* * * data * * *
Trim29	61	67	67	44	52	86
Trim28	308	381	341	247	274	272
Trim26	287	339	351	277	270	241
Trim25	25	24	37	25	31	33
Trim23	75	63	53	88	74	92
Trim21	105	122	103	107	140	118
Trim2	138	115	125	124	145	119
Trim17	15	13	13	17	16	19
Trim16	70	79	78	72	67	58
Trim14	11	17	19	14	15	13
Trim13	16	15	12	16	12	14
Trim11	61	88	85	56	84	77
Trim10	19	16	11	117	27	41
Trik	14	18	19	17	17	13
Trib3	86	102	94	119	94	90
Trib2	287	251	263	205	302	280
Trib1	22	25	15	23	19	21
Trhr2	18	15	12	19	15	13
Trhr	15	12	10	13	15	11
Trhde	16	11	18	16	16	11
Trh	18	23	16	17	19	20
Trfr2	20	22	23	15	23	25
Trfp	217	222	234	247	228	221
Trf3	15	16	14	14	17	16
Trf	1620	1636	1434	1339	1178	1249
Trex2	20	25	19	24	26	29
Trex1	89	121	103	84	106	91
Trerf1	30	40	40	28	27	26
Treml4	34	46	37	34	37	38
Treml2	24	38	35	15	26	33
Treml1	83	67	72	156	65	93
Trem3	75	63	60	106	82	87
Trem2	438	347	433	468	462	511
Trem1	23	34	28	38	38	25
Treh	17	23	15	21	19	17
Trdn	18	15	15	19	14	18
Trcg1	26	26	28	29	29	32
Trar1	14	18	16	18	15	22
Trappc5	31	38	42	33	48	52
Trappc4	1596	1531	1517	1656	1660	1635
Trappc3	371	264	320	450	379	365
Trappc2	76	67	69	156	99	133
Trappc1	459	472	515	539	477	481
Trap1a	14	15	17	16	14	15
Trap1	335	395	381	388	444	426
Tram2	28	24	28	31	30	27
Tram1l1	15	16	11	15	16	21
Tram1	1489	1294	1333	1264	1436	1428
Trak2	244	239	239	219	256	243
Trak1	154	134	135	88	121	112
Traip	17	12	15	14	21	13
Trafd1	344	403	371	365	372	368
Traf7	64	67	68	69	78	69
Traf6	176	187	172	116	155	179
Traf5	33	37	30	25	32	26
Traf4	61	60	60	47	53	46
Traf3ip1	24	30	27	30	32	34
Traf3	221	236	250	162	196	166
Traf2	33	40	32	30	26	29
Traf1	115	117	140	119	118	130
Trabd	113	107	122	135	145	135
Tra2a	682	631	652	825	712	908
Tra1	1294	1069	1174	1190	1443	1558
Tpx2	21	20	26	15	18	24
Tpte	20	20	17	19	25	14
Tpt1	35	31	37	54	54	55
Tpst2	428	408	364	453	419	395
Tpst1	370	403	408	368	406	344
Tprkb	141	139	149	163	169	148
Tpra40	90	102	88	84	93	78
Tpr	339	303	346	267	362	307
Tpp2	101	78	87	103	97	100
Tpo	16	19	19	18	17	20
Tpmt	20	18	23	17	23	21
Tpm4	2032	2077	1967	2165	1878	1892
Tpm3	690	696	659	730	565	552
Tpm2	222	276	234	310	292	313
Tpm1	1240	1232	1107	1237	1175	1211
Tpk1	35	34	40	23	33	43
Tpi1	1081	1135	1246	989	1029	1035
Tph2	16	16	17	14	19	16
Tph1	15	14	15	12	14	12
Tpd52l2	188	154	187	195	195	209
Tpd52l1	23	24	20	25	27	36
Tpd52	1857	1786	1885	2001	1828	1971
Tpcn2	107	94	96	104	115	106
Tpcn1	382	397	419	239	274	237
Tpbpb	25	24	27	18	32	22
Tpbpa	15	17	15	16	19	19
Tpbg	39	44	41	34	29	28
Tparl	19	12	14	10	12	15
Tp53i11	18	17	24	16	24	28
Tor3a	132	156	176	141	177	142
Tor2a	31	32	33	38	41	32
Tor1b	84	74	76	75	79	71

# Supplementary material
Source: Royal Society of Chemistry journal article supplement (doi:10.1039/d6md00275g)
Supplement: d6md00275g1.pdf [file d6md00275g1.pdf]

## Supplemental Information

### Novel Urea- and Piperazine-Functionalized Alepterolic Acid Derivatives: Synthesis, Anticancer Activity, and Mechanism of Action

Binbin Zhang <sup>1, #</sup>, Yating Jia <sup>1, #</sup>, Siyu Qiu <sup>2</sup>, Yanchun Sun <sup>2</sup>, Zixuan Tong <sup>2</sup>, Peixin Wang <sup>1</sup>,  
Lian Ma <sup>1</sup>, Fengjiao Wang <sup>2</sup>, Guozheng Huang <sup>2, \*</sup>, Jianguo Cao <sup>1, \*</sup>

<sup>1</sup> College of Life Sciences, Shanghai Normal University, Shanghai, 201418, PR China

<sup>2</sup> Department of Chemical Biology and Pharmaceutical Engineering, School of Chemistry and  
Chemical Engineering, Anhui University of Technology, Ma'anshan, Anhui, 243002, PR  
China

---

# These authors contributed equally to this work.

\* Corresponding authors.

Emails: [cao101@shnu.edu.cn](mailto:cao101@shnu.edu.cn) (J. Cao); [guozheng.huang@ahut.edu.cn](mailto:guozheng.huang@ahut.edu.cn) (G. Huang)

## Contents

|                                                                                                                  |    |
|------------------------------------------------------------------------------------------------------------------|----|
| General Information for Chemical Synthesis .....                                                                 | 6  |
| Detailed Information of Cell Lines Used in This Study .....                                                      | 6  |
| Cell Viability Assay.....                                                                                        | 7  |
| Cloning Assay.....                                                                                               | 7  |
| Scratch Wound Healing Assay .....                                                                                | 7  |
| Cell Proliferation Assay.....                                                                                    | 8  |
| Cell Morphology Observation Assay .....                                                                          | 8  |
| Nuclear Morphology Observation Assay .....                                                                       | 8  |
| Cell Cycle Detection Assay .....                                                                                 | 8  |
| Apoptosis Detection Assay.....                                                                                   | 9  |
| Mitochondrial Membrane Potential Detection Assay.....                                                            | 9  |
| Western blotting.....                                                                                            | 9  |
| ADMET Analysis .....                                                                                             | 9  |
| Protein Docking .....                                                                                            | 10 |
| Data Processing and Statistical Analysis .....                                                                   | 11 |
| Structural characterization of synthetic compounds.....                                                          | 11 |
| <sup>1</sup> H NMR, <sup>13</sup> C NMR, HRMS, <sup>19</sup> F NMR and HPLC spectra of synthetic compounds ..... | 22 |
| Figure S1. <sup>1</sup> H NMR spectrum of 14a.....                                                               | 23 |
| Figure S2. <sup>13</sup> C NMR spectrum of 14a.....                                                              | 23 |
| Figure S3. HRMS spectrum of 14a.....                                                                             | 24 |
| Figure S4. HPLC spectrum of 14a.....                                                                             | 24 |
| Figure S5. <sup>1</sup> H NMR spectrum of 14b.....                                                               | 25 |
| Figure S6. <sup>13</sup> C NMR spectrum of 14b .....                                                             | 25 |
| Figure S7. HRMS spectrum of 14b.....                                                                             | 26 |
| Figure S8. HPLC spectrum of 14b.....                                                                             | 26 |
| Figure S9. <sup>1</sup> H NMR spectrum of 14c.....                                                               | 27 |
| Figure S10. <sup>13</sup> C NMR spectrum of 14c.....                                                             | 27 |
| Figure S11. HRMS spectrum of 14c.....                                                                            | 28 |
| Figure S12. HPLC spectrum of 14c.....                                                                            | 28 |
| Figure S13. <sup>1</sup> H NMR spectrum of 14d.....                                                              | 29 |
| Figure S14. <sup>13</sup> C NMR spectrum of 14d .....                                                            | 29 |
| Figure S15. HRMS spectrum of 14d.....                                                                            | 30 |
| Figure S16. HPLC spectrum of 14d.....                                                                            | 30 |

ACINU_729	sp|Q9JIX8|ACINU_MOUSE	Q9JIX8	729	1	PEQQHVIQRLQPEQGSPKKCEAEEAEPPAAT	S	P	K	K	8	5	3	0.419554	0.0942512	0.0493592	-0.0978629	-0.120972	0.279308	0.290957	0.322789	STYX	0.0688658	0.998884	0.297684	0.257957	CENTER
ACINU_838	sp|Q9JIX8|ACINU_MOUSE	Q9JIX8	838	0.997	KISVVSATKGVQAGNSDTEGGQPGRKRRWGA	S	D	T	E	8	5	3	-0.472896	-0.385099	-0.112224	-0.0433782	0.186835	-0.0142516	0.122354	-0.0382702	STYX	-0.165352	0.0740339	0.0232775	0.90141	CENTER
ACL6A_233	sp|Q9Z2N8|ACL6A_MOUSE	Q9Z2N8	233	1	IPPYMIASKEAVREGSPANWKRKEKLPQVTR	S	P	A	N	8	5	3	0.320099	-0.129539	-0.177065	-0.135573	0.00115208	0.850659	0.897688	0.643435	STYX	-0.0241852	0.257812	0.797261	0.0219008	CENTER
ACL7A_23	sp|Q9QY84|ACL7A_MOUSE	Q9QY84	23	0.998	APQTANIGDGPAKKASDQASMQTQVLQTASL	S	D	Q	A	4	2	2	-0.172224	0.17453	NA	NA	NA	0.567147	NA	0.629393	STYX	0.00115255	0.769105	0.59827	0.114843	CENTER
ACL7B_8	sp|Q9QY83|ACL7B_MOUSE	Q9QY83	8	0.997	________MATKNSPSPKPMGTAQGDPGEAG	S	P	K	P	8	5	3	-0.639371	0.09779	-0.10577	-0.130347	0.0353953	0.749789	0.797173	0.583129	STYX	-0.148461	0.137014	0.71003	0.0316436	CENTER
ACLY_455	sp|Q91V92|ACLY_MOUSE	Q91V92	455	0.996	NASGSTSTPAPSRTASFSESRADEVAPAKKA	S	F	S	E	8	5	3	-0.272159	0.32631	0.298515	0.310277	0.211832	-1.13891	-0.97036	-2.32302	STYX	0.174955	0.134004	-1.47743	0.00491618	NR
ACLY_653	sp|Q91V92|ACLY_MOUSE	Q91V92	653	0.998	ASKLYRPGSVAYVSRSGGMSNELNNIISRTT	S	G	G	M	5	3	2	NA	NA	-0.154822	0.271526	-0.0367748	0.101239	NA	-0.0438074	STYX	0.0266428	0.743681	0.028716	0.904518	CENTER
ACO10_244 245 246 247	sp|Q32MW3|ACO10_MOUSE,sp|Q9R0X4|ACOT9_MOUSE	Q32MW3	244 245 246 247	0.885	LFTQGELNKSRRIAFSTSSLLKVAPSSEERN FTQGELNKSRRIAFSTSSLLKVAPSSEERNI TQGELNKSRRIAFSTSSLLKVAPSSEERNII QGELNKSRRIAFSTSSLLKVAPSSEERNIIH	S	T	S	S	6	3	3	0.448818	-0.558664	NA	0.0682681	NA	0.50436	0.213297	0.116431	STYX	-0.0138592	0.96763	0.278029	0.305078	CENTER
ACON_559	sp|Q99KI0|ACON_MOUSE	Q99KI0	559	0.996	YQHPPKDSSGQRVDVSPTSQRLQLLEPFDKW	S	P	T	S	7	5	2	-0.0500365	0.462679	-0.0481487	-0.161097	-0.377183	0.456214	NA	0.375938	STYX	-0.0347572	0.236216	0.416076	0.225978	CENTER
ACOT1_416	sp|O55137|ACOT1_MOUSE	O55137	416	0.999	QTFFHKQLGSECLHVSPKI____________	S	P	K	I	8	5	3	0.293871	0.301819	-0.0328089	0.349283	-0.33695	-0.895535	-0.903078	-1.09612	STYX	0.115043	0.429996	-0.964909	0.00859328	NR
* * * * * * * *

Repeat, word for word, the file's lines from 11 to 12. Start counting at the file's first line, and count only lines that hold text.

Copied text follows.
Trim13	16	15	12	16	12	14
Trim11	61	88	85	56	84	77